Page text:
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SPIRAL ARMS IN GRAVITATIONALLY UNSTABLE PROTOPLANETARY DISKS AS IMAGED IN SCATTERED LIGHT

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journal contribution
posted on 01.10.2019, 14:40 by Ruobing Dong (董若冰), Cassandra Hall, Ken Rice, Eugene Chiang (蒋诒曾)
Combining 3D smoothed-particle hydrodynamics and Monte Carlo radiative transfer calculations, we examine the morphology of spiral density waves induced by gravitational instability (GI) in protoplanetary disks, as they would appear in direct images at near-infrared (NIR) wavelengths. We find that systems with disk-to-star-mass ratios q = Mdisk/Må that are ∼0.25 or more may produce prominent spiral arms in NIR imaging, remarkably resembling features observed in the MWC 758 and SAO 206462 systems. The contrast of GI-induced arms at NIR wavelengths can reach a factor of ∼3, and their pitch angles are about 10°–15°. The dominant azimuthal wavenumber of GI-induced spiral arms roughly obeys m ∼ 1/q in the range 2 <~ 1/q <~ 8. In particular, a massive disk with q ≈ 0.5 can exhibit grand-design m = 2 spirals. GI-induced arms are in approximate corotation with the local disk, and may therefore trap dust particles by pressure drag. Although GI can produce NIR spiral arms with morphologies, contrasts, and pitch angles similar to those reported in recent observations, it also makes other demands that may or may not be satisfied in any given system. A GI origin requires that the spirals be relatively compact, on scales <~ 100 AU; that the disk be massive, q >~ 0.25; and that the accretion rate M.* be high, on the order of 10−6 Me yr−1 .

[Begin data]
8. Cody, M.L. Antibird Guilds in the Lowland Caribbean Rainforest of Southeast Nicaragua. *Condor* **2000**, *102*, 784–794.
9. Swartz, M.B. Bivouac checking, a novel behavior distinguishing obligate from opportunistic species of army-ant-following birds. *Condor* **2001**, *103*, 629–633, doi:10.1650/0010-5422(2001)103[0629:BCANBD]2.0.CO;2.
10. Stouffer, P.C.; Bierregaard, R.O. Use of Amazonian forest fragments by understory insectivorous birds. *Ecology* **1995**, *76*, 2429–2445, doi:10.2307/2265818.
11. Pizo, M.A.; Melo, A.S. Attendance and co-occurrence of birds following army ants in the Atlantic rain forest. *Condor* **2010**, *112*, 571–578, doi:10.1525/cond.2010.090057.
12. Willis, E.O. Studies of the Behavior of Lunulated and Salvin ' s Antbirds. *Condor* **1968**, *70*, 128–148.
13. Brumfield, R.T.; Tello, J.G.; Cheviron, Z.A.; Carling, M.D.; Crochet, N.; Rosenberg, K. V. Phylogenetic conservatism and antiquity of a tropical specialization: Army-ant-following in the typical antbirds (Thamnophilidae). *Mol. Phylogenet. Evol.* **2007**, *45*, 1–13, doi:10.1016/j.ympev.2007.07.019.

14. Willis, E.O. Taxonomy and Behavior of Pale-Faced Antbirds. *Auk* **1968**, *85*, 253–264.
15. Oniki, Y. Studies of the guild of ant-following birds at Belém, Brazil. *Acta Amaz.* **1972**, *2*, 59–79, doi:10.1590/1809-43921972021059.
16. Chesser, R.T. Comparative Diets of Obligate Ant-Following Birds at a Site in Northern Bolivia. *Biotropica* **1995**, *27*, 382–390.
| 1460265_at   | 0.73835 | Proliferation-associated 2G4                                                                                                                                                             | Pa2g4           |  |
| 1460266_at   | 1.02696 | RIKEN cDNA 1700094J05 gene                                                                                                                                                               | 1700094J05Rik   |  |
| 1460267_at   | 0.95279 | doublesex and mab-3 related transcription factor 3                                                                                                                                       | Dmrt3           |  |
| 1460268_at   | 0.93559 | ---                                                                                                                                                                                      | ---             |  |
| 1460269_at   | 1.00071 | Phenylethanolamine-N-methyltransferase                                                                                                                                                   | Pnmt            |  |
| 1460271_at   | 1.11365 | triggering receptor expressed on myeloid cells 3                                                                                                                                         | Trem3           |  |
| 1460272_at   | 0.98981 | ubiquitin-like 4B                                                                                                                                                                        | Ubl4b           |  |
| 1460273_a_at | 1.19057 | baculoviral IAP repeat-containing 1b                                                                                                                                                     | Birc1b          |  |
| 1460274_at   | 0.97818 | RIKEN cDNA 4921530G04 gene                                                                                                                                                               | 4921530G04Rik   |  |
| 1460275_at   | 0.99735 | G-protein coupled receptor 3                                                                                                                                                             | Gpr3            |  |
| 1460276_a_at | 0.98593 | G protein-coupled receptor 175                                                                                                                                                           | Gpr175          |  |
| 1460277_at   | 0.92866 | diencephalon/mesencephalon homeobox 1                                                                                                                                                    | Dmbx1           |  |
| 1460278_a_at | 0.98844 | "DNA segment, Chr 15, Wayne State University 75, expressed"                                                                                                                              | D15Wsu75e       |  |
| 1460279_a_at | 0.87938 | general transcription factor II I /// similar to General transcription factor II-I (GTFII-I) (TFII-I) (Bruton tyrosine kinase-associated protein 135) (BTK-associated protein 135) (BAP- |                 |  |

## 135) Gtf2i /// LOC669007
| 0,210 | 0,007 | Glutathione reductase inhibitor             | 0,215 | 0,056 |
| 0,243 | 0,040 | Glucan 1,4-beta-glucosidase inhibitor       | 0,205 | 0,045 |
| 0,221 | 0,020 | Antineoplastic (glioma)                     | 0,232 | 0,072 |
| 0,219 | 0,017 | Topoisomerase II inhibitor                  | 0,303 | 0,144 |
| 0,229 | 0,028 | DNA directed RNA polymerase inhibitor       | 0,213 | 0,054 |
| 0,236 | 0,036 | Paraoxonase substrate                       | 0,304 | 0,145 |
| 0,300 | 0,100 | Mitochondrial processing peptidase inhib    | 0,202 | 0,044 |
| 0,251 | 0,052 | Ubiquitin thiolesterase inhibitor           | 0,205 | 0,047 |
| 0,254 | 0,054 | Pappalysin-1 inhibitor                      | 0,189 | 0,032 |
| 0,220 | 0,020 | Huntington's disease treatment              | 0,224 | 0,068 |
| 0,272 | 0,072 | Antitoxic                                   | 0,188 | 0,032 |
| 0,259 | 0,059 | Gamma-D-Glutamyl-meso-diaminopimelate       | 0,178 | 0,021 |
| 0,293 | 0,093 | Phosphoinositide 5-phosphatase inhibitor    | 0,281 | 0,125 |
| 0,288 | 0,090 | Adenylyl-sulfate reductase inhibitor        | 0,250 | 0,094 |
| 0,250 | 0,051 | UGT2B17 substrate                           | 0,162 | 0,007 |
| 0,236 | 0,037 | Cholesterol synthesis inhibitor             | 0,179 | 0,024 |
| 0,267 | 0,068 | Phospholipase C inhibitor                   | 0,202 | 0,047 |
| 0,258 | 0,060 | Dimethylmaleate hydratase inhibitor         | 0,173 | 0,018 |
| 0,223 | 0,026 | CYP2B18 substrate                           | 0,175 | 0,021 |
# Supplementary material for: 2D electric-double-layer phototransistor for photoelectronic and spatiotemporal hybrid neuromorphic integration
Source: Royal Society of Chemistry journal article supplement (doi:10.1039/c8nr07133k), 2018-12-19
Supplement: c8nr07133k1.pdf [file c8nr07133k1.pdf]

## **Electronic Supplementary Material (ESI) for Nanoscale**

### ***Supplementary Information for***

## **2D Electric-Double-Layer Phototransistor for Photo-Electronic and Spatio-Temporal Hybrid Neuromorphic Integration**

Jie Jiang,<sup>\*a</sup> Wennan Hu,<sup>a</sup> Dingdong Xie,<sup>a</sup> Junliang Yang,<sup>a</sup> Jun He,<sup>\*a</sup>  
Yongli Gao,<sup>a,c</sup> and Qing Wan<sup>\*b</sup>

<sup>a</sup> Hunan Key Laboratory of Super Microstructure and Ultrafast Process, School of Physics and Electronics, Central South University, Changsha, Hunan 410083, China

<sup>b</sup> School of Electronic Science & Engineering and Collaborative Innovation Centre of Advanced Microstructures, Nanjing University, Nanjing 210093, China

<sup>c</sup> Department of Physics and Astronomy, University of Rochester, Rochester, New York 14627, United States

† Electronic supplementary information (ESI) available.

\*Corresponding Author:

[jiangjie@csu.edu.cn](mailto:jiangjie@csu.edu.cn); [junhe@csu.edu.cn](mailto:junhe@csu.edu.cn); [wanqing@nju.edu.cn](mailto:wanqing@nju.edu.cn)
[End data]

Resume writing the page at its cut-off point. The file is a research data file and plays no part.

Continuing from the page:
Funding

R.D. thanks Cathie Clarke and Roman Rafikov for educating him on the subject of GI. We thank Myriam Benisty and Antonio Garufi for kindly sharing with us the VLT/SPHERE image of MWC 758, and the VLT/NACO image of SAO 206462, respectively. We are grateful to the anonymous referee for constructive suggestions that improved the quality of the paper. This project is partially supported by NASA through Hubble Fellowship grant HST-HF-51320.01-A (R.D.) awarded by the Space Telescope Science Institute, which is operated by the Association of Universities for Research in Astronomy, Inc., for NASA, under contract NAS 5-26555. E.C. acknowledges support from NASA and the NSF. Numerical calculations were performed on the SAVIO cluster provided by the Berkeley Research Computing program, supported by the UC Berkeley Vice Chancellor for Research and the Berkeley Center for Integrative Planetary Science.

History

Citation

The Astrophysical Journal, 2015, 812 (2), pp. L32-L32

Author affiliation

/Organisation/COLLEGE OF SCIENCE AND ENGINEERING/Department of Physics and Astronomy

Version

VoR (Version of Record)

Published in

The Astrophysical Journal

Publisher

American Astronomical Society, IOP Publishing

eissn

2041-8213

Acceptance date

30/09/2015

Copyright date

2015

Available date

01/10/2019

Publisher version

https://iopscience.iop.org/article/10.1088/2041-8205/812/2/L32

Language

en